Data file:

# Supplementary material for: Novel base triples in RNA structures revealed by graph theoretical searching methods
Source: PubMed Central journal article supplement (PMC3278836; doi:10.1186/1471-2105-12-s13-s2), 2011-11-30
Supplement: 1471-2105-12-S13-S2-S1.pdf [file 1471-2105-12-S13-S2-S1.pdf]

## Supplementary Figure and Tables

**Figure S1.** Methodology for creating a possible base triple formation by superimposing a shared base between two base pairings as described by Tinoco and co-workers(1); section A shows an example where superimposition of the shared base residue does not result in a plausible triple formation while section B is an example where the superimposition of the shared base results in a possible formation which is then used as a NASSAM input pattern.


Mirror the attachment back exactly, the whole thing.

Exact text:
# Supplementary material for: Novel base triples in RNA structures revealed by graph theoretical searching methods
Source: PubMed Central journal article supplement (PMC3278836; doi:10.1186/1471-2105-12-s13-s2), 2011-11-30
Supplement: 1471-2105-12-S13-S2-S1.pdf [file 1471-2105-12-S13-S2-S1.pdf]

## Supplementary Figure and Tables

**Figure S1.** Methodology for creating a possible base triple formation by superimposing a shared base between two base pairings as described by Tinoco and co-workers(1); section A shows an example where superimposition of the shared base residue does not result in a plausible triple formation while section B is an example where the superimposition of the shared base results in a possible formation which is then used as a NASSAM input pattern.